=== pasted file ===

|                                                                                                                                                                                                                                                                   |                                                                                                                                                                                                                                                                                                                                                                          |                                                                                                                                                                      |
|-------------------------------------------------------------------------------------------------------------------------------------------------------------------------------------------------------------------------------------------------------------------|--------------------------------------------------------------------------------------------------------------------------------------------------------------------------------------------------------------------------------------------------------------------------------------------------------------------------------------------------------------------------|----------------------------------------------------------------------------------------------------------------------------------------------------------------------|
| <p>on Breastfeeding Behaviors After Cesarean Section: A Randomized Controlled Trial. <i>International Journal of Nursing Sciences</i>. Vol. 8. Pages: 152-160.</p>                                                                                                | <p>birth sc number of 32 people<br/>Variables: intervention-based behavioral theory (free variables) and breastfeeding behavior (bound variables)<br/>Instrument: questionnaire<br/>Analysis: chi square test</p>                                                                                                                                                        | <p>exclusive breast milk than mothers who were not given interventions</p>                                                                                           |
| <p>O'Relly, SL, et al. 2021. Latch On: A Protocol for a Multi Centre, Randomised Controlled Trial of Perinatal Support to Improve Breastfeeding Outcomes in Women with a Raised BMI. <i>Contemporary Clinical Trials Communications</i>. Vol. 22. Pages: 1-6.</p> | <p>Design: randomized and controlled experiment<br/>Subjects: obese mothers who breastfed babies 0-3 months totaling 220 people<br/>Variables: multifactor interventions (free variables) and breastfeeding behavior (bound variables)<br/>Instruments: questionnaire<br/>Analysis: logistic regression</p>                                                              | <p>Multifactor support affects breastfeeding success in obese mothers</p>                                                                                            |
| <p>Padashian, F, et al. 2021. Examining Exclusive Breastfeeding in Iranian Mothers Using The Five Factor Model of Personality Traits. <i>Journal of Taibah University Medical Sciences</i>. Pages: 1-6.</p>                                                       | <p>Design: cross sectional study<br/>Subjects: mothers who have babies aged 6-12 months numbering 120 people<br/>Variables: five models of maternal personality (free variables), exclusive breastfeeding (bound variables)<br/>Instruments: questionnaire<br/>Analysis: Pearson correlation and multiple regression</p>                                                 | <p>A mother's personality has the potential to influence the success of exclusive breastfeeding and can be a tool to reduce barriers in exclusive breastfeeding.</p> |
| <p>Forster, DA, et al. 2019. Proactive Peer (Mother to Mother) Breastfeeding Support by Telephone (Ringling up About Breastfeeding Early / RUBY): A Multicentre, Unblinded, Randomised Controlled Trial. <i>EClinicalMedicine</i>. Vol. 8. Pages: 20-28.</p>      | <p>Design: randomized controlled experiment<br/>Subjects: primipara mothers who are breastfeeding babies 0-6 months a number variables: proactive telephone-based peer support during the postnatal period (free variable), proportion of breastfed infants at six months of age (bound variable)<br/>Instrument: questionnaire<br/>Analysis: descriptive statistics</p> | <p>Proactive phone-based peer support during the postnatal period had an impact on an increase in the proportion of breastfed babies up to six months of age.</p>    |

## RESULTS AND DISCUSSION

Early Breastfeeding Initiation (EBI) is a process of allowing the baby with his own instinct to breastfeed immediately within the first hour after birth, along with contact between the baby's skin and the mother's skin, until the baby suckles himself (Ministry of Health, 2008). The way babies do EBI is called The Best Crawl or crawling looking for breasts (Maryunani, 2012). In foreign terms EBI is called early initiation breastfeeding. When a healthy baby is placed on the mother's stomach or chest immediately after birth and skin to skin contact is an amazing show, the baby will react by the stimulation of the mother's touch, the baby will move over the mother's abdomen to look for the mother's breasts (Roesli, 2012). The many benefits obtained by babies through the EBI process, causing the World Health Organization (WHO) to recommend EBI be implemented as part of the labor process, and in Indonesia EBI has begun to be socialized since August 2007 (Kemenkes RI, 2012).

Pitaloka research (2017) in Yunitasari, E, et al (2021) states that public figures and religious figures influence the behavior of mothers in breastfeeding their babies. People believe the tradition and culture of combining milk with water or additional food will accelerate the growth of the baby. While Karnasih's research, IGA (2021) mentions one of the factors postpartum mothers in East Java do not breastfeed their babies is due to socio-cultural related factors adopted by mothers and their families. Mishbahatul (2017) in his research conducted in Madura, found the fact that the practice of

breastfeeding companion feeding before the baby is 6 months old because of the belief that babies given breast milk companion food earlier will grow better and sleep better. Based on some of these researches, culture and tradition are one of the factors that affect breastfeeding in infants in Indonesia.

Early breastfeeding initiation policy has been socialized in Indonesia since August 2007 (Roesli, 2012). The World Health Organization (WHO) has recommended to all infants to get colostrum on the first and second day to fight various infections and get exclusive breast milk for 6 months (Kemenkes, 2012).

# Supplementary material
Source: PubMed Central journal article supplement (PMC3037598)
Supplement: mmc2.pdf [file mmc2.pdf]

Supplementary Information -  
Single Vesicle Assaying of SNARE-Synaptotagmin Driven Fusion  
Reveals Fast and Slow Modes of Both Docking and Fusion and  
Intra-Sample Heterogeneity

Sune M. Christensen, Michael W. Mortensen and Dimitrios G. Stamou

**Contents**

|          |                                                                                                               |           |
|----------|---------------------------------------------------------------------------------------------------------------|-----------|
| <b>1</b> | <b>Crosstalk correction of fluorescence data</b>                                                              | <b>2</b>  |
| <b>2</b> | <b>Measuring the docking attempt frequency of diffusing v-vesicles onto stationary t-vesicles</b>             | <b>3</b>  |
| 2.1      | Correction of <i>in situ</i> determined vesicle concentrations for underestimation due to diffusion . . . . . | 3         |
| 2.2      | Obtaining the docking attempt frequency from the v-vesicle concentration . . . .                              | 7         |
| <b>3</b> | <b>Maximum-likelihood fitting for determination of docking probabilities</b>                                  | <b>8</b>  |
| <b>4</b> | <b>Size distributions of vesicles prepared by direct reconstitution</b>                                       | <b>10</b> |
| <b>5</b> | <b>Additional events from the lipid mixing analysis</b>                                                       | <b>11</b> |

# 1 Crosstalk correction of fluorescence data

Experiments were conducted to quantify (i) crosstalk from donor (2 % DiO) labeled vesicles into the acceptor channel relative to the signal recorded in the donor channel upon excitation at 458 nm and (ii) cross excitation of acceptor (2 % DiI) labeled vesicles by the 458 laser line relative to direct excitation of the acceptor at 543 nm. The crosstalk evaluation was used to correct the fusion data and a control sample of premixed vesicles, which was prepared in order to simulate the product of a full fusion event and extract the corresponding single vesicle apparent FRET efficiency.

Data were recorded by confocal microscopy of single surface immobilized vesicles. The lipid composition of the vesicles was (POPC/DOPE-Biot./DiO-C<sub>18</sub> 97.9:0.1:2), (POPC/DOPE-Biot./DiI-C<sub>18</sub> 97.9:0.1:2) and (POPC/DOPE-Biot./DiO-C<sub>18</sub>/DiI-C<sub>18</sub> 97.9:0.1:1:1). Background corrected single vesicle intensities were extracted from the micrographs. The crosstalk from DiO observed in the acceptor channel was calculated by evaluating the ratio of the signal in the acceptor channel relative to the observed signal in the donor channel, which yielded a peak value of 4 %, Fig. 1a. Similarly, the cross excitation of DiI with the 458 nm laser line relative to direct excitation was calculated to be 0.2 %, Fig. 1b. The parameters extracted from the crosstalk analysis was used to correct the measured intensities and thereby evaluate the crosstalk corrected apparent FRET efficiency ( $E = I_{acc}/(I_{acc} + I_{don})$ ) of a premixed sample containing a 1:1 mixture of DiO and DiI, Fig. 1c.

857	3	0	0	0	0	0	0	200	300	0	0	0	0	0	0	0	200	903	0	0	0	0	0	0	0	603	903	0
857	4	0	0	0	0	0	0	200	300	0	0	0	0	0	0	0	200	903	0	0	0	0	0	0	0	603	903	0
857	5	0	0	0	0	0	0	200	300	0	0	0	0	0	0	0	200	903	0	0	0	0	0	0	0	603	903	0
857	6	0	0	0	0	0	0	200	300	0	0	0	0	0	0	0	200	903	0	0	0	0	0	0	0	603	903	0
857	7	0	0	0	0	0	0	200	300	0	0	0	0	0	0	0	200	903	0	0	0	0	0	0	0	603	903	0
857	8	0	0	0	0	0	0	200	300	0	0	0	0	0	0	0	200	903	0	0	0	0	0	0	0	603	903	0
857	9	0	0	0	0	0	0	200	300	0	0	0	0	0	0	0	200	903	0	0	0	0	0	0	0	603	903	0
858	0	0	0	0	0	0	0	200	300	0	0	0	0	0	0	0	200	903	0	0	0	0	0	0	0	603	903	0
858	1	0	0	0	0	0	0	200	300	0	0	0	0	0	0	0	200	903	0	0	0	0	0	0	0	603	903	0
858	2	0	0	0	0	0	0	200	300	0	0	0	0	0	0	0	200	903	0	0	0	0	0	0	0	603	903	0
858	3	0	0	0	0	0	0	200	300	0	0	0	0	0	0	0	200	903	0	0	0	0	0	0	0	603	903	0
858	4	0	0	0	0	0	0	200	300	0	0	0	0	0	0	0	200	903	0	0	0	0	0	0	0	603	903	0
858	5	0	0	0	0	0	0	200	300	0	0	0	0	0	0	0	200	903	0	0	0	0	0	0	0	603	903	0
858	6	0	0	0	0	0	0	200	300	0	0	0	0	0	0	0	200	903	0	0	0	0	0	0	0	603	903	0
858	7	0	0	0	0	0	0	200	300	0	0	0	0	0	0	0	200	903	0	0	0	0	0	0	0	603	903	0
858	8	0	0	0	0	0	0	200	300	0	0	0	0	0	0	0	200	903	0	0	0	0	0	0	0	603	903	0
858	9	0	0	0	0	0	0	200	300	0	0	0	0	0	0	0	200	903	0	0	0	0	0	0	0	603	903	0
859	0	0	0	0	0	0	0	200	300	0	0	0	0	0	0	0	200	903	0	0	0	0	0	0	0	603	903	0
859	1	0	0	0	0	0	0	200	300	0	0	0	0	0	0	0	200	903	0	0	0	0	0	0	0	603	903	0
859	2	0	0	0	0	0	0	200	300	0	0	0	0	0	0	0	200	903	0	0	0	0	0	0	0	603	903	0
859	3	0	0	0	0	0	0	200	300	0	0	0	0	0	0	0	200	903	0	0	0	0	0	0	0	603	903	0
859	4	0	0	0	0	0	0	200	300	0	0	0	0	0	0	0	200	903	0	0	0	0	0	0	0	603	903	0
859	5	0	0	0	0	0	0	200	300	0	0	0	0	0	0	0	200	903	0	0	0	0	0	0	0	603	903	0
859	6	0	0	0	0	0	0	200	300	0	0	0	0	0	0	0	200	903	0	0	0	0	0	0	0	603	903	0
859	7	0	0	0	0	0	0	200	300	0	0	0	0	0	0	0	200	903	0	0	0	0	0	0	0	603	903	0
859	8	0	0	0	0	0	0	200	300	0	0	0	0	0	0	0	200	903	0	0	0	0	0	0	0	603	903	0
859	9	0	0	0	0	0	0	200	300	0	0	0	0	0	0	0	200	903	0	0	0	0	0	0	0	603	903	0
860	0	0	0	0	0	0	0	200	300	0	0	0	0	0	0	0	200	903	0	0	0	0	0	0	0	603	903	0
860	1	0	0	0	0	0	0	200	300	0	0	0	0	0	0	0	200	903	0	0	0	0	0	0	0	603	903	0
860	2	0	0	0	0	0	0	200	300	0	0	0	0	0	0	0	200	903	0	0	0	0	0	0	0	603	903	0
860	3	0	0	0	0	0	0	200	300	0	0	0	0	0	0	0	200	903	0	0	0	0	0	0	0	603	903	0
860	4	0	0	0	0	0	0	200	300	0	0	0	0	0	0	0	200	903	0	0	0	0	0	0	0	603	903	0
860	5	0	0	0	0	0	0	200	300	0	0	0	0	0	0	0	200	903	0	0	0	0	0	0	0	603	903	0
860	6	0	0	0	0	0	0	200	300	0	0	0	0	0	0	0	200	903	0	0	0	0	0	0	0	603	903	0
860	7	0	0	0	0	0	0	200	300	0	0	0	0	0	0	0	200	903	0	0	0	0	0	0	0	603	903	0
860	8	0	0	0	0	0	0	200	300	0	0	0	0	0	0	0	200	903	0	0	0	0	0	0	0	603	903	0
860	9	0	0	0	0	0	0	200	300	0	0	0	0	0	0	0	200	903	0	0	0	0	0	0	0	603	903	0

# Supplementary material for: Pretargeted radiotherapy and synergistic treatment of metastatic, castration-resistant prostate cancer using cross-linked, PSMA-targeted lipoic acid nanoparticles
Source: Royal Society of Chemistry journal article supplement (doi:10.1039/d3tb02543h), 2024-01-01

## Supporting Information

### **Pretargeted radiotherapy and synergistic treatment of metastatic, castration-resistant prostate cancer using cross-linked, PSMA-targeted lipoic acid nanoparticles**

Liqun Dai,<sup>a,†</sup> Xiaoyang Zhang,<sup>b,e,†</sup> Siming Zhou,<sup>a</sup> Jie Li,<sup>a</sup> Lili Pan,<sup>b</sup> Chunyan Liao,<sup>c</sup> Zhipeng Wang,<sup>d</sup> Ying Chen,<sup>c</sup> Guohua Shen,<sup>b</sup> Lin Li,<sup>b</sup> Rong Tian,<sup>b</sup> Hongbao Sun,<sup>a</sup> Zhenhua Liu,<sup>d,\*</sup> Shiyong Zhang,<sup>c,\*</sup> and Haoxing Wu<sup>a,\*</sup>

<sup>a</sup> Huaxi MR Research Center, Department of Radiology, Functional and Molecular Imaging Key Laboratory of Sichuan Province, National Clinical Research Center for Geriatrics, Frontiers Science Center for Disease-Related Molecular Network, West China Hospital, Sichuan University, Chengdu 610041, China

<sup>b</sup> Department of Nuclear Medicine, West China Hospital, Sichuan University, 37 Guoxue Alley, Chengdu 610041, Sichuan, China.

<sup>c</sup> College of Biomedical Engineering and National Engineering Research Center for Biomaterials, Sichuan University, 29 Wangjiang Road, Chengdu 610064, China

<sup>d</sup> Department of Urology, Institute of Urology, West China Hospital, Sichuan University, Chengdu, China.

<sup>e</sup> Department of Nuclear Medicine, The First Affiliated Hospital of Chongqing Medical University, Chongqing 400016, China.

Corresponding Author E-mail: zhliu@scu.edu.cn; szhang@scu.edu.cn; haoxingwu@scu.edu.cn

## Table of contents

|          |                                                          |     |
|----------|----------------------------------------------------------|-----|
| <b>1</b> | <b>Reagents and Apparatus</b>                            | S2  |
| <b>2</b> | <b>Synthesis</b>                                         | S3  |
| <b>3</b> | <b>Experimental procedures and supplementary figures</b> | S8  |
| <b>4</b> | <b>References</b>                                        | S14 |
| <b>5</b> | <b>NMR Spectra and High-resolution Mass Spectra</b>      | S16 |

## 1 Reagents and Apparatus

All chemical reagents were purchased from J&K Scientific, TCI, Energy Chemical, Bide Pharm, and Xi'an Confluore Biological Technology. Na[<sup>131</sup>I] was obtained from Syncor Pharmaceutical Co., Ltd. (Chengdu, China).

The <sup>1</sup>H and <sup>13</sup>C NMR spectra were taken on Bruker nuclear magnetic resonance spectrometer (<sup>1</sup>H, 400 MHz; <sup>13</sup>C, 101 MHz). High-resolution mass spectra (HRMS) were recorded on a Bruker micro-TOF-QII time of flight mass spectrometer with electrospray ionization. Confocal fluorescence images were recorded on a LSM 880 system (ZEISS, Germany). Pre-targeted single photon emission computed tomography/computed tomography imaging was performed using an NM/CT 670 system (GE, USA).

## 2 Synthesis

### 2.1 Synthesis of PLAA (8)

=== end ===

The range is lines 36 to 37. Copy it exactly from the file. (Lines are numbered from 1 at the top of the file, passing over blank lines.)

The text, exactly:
857	6	0	0	0	0	0	0	200	300	0	0	0	0	0	0	0	200	903	0	0	0	0	0	0	0	603	903	0
857	7	0	0	0	0	0	0	200	300	0	0	0	0	0	0	0	200	903	0	0	0	0	0	0	0	603	903	0